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SA doctors livid over Sahpra’s guidelines for Ivermectin use

Doctors say Sahpra’s latest guidelines, serve to increase the administrative burden on doctors, rather than open up access to those who want to prescribe Ivermectin to treat sick and dying Covid-19 patients. Photo: Luis Robayo (AFP)

Doctors say Sahpra’s latest guidelines, serve to increase the administrative burden on doctors, rather than open up access to those who want to prescribe Ivermectin to treat sick and dying Covid-19 patients. Photo: Luis Robayo (AFP)

Published Jan 29, 2021


Durban - South African doctors, pharmacists and medical scientists are livid that the SA Health Products Regulatory Authority’s (SAHPRA) new requirements to apply for permission to prescribe Ivermectin to treat Covid-19 patients are more onerous and as costly as the previous rules.

They argue that dying patients who desperately need the drug would be kept waiting for days.

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Doctors yesterday described SAHPRA’s media briefing held on Wednesday, where it announced that it would roll out a Compassionate Controlled Access Program for the prescribing of the drug, as nothing but a public relations exercise.

They claim that the six-page document outlining the process introduced more administrative work and did not open access. They also raised concern that the black market for Ivermectin would flourish while the stringent access process remained in place.

Doctors have to apply on a patient-by-patient basis under Section 21 of the Medicines and Related Substances Control Act for permission to use Ivermectin to treat them as the 40-year old drug is currently not registered for human use. However, a meta analysis of 18 studies of the drug by Dr Andrew Hill of the University of Liverpool, showed it appeared effective in the treatment of Covid-19, reducing the viral load and mortality by 75%.

Dr Naseeba Kathrada, who previously wrote to the president asking for permission to use the drug widely on behalf of doctors, vented her anger on social media in a video yesterday in which she said SAHPRA had thrown doctors “a big fat bone”.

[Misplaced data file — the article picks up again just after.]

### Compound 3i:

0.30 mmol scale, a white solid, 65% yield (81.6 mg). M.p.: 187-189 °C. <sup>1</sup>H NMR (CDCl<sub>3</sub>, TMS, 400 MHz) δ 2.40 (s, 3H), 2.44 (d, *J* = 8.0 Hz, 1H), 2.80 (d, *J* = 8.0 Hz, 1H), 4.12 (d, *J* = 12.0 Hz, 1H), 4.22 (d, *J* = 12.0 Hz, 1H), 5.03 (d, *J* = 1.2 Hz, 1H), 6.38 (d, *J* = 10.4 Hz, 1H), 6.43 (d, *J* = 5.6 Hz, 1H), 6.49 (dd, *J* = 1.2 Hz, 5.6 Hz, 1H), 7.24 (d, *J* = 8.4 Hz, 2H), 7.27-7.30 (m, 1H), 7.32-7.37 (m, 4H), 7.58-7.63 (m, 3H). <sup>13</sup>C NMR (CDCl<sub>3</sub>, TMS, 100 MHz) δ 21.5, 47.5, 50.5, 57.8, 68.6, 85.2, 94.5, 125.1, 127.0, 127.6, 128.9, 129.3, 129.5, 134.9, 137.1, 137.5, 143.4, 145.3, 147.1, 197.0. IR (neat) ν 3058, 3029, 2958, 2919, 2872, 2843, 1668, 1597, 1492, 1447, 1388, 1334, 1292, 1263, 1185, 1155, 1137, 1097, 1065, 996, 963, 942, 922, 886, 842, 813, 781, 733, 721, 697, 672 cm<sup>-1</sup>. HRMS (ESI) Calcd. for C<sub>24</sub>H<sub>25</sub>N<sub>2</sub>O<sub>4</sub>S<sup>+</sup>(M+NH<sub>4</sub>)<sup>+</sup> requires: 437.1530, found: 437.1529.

“I just got the document as to how to access Ivermectin under the CCPA and I have just one word to say, wow. I am absolutely disappointed this is nothing more than a Section 21 with added admin. So now do we not only have to fill in this eight-page document and pay the R300 which we still had to pay last week, now we also have to send them an SMS to say we sent this and we have to give them feedback,” she said.

She said SAHPRA trusted doctors to prescribe schedule eight drugs like morphine and pethidine but did not trust doctors to dispense “this safe 40-year old drug”.

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She said she had filed two applications for the drug last week, one for a patient who was dying in ICU, but SAHPRA had not yet approved them.

“This is nothing but a delaying tactic. Only God knows why you are doing this because now I am at a loss for words … anger and disappointment. I would like an explanation,” she said.

Dr Zainab Goondiwala said he was disappointed about the process and asked for the R300 application fee to be waived.

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“Not only is this no different from the section 21 requirements but calls for additional administrative work. We reiterate that a bulk approval would be beneficial for all sides with ultimate benefit to the patient,” Goondiwala said.

“Our concern is that this approval will further fuel the black market and subsequently any adverse events of fake or non human preparations will negatively reflect on the legitimate process. The scientific evidence bears out the safety of the drug and an emergency registration during the pandemic is the humane course of action,” he said.

Dr Fahmida Shaik said the CCAP was “tedious and impractical especially under pandemic circumstances”.

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“If the resurgence is anything remotely similar to that of the devastating second wave, healthcare workers would need a blanket ruling to have full access to use Ivermectin as deemed necessary. The drug is not to be considered for use in only severe Covid and emergency situations, but more importantly in early disease to reduce disease progression and limit the spread. Given the infection rates during the peaks, applying for clinical access for each patient would be impossible and ethically unjust,” she said.

Shaik asked how SAHPRA would justify not allowing healthcare workers the capacity to prescribe Ivermectin freely, if it continued to demonstrate its effectiveness in further studies.

The Ivermectin Interest Group, which comprises, medical scientists, doctors and pharmacists, spokesperson, Professor Colleen Aldous said the positivity over SAHPRA’s “apparently generous” announcement that it would allow controlled compassionate access to Ivermectin had dissipated after the guidelines for the programme were published yesterday.

“On January 6, SAHPRA had softened its initial stance on the use of Ivermectin, stating that it would entertain Section 21 applications and research proposals. Last week several Section 21 applications were submitted, and none were countenanced,” she said.

SAHPRA had not responded to a request for comment last night by the time of going to publication.

The Mercury

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